This post was written by O’Neill Institute Law Fellows Sarah Roache and Daniel Hougendobler
The West African Ebola epidemic is an international public health crisis, and a threat to international security. For so many of us – the public health community, humanitarian and aid organizations, governments, ethicists, policy-makers, and engaged citizens – the epidemic triggers important and complex questions.
Why, for example, is this epidemic spreading at exponential rates, while more than 20 previous outbreaks subsided with relatively few deaths? Why did the international community take so long to ramp up its response, and are we doing enough to contain the epidemic? How can we quickly improve the level of care available to those who are infected? How do we build trust in medical personnel among people who believe that Ebola does not exist? How can we prevent future infectious disease outbreaks from becoming endemic?
We’ve put together a collection of thoughtful, challenging, and at times, confronting resources, which address the West African Ebola epidemic from a range of different angles. We hope these resources can help you get a handle on the epidemic, and perhaps raise public awareness of this complex global health issue.
Overview of the epidemic:
“Q&A: What You Need to Know About the Ebola Outbreak,” New York Times
Using a combination of graphs, charts, and text, this summary from the New York Times answers 12 essential questions about the epidemic. It is an ideal resource for quickly learning the basics.
Ebola situation reports, World Health Organization
The most definitive and up-to-date sources of information are WHO’s frequent “situation reports.” These provide the latest figures, describe new developments, and provide useful visualizations of the epidemic.
Background on how the virus emerged:
“Hell in the Hot Zone,” Jeffrey E. Stern, Vanity Fair
This article provides a gripping account of a reporter’s journey to locate “patient zero” and determine how the outbreak began. See also PBS’s visualization of Ebola’s spread.
General Ebola portal:
University of Minnesota, CIDRAP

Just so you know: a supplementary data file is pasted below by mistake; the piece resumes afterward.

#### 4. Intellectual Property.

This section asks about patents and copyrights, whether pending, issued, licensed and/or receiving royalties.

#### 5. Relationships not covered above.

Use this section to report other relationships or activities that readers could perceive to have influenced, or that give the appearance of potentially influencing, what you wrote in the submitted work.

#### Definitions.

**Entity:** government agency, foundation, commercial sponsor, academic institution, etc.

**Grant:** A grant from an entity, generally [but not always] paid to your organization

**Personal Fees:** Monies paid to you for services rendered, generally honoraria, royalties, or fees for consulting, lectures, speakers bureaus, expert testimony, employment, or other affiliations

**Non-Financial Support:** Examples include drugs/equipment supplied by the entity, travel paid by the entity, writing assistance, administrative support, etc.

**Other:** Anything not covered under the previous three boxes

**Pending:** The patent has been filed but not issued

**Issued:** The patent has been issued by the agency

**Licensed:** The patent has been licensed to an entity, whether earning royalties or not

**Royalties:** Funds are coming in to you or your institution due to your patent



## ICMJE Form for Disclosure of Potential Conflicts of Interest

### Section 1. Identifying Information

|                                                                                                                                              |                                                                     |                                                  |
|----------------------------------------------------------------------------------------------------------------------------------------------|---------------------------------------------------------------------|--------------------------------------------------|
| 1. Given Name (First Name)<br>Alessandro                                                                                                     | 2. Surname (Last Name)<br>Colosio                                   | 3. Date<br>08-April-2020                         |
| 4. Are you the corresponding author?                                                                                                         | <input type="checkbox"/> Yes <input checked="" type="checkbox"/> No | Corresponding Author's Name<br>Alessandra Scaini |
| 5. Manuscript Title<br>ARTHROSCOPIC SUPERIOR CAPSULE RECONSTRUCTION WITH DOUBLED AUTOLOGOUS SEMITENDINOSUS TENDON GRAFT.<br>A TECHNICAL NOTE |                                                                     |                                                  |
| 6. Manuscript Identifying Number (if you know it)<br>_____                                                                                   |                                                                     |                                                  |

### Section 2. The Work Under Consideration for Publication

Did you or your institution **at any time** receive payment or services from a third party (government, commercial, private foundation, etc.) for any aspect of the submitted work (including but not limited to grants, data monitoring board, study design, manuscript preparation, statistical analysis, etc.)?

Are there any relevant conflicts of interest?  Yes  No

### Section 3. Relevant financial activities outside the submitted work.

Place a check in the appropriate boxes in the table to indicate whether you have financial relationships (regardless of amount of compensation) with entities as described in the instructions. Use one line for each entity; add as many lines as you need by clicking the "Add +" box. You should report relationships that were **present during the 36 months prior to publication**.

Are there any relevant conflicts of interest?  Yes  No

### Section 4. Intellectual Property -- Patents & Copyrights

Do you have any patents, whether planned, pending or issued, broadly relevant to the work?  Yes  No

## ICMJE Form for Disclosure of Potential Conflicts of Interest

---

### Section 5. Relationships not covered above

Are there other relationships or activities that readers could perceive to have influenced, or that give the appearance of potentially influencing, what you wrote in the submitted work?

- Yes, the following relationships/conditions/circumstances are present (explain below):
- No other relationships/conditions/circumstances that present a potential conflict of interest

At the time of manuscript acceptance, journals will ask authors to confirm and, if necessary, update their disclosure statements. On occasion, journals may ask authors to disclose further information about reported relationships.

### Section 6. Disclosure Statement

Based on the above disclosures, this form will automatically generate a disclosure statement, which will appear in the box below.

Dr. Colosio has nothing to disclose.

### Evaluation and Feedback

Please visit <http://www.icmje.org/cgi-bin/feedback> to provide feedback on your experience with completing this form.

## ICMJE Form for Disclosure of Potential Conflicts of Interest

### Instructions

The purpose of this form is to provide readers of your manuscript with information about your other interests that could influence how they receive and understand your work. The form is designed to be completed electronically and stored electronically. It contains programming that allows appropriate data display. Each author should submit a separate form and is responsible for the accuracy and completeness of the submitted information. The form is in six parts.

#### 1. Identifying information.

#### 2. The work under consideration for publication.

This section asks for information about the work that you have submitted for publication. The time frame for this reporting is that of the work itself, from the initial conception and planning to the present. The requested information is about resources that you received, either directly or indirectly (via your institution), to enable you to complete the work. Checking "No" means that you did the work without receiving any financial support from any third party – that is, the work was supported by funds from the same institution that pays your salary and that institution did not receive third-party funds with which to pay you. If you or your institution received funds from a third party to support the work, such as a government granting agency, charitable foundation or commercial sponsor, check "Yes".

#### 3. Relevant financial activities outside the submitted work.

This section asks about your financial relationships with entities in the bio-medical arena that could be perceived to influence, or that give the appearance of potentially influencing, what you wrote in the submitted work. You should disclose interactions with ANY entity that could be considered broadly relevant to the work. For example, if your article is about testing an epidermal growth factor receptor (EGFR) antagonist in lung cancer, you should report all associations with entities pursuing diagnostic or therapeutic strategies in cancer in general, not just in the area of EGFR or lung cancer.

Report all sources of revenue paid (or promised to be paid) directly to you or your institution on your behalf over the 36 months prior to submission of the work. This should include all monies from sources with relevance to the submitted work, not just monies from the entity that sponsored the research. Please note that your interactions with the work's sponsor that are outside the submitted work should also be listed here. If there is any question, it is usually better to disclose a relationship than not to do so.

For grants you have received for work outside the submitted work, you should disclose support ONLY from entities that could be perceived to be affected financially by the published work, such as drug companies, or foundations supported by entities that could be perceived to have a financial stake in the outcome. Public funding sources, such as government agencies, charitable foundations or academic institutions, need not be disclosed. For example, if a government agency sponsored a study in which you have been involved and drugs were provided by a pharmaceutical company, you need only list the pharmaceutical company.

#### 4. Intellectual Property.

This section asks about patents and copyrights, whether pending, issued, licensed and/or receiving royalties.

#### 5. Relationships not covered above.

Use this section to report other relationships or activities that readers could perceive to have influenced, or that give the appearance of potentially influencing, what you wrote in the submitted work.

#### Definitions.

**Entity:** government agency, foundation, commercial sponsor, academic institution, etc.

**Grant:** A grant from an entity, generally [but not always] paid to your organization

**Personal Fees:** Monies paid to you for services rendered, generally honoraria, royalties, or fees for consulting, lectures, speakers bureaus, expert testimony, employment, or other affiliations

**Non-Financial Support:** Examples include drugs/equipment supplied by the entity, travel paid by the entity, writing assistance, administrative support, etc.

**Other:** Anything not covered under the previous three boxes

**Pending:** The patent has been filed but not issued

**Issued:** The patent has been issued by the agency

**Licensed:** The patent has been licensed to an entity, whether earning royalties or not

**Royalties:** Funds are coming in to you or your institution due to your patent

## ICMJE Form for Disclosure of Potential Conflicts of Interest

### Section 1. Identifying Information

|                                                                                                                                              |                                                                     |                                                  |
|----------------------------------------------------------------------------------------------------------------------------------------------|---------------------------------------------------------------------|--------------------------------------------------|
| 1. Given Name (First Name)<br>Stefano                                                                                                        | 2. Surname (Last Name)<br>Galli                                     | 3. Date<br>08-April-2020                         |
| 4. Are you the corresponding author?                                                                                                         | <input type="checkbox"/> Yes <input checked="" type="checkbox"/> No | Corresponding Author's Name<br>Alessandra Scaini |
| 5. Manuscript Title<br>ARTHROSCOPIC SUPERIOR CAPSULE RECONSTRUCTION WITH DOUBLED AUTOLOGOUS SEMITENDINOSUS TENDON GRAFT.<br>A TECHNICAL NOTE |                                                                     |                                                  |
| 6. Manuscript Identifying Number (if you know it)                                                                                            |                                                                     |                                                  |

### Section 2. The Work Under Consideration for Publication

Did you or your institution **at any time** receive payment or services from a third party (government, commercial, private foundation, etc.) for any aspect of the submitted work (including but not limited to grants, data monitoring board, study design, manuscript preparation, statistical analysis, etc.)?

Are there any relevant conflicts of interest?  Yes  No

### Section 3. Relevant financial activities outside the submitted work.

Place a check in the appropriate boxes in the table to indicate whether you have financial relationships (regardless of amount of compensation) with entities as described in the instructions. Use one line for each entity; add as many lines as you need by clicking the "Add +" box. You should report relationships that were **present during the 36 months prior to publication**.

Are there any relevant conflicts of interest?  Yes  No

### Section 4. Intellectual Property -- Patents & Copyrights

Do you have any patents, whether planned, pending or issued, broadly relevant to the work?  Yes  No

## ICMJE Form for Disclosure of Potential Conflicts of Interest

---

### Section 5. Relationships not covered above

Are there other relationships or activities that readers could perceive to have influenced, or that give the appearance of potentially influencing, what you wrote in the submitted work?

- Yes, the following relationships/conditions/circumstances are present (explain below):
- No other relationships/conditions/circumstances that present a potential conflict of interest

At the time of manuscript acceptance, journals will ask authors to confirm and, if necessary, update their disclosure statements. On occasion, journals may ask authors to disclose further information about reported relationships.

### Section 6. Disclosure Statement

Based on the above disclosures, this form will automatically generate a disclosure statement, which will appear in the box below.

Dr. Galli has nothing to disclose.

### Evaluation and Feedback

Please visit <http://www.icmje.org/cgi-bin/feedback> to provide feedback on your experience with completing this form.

The UMN’s Center for Disease Research and Policy (CIDRAP) has developed an excellent portal, which links to the most important sources of information. Many journals and newspapers have also created their own resource lists, including The Lancet, The New York Times, and Science.
Video on the cultural drivers of Ebola (NOTE: some graphic content)
Liberia’s New Ebola Outbreak
A Vice reporter goes on the ground in Liberia to investigate the cultural drivers of Ebola, in particular the preparation and consumption of “bush meat.” The video provides a unique window into the relationship between culture and disease.
Account of self-sacrifice:
“Those Who Serve Ebola Victims Soldier On,” Adam Nossiter & Ben Solomon, New York Times
Two reporters describe the extraordinary courage of health workers who continue their work after surviving the disease.
Overview of experimental treatments for Ebola:
Potential Ebola Therapies and Vaccines, WHO
Created to aid in WHO deliberations, this document provides an overview of the drug and vaccine pipeline. It is also a roadmap for drug development and addresses the compassionate use of experimental drugs.
Ebola’s impact on health facilities:
Inside Hospital’s Ebola Battle, Ben C. Solomon, NY Times
This video illustrates the extraordinary challenges facing West African health facilities. From a man who lost nearly his entire family to the disease, to corpses carted through patient areas, the video drives home Ebola’s impact on health systems–and patients.
Photojournalism (NOTE: some graphic content)
Daniel Berehulak, an Australian photojournalist based in New Delhi, has produced a haunting visual record of of Ebola’s impact. While his images are often unsettling, they play an important role in conveying Ebola’s human toll to people throughout the world.
Professor Gostin argues for an International Health Systems Fund to prevent the next infectious disease epidemic. The fund would address key systematic failings that have contributed to the spread of Ebola, including fragile health systems and emergency response capabilities.
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The views reflected in this blog are those of the individual authors and do not necessarily represent those of the O’Neill Institute for National and Global Health Law or Georgetown University. This blog is solely informational in nature, and not intended as a substitute for competent legal advice from a licensed and retained attorney in your state or country.